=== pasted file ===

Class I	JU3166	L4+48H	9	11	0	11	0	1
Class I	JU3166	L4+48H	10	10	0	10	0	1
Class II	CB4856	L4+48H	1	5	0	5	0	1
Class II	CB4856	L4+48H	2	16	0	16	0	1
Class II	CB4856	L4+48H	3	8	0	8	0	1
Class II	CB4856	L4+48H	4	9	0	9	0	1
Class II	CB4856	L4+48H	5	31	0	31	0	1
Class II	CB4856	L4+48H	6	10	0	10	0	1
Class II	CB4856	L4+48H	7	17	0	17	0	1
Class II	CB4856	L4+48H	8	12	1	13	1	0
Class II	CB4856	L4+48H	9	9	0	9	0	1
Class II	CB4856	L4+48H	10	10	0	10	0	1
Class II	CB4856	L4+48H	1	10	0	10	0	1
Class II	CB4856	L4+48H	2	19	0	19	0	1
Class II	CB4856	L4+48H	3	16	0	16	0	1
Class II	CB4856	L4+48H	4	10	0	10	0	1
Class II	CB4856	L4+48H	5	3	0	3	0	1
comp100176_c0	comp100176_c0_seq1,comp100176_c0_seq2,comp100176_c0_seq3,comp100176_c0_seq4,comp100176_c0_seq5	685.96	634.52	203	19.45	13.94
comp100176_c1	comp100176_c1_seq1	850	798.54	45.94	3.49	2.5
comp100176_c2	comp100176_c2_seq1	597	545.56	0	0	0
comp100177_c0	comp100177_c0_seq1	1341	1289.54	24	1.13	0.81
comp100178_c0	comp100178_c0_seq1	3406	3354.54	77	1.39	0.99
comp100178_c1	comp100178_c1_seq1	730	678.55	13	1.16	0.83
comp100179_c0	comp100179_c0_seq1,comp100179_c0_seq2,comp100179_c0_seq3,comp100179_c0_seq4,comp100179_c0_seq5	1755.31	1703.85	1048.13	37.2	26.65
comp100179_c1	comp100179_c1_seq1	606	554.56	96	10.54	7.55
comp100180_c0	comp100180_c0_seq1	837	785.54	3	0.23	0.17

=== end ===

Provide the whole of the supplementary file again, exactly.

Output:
Class I	JU3166	L4+48H	9	11	0	11	0	1
Class I	JU3166	L4+48H	10	10	0	10	0	1
Class II	CB4856	L4+48H	1	5	0	5	0	1
Class II	CB4856	L4+48H	2	16	0	16	0	1
Class II	CB4856	L4+48H	3	8	0	8	0	1
Class II	CB4856	L4+48H	4	9	0	9	0	1
Class II	CB4856	L4+48H	5	31	0	31	0	1
Class II	CB4856	L4+48H	6	10	0	10	0	1
Class II	CB4856	L4+48H	7	17	0	17	0	1
Class II	CB4856	L4+48H	8	12	1	13	1	0
Class II	CB4856	L4+48H	9	9	0	9	0	1
Class II	CB4856	L4+48H	10	10	0	10	0	1
Class II	CB4856	L4+48H	1	10	0	10	0	1
Class II	CB4856	L4+48H	2	19	0	19	0	1
Class II	CB4856	L4+48H	3	16	0	16	0	1
Class II	CB4856	L4+48H	4	10	0	10	0	1
Class II	CB4856	L4+48H	5	3	0	3	0	1
comp100176_c0	comp100176_c0_seq1,comp100176_c0_seq2,comp100176_c0_seq3,comp100176_c0_seq4,comp100176_c0_seq5	685.96	634.52	203	19.45	13.94
comp100176_c1	comp100176_c1_seq1	850	798.54	45.94	3.49	2.5
comp100176_c2	comp100176_c2_seq1	597	545.56	0	0	0
comp100177_c0	comp100177_c0_seq1	1341	1289.54	24	1.13	0.81
comp100178_c0	comp100178_c0_seq1	3406	3354.54	77	1.39	0.99
comp100178_c1	comp100178_c1_seq1	730	678.55	13	1.16	0.83
comp100179_c0	comp100179_c0_seq1,comp100179_c0_seq2,comp100179_c0_seq3,comp100179_c0_seq4,comp100179_c0_seq5	1755.31	1703.85	1048.13	37.2	26.65
comp100179_c1	comp100179_c1_seq1	606	554.56	96	10.54	7.55
comp100180_c0	comp100180_c0_seq1	837	785.54	3	0.23	0.17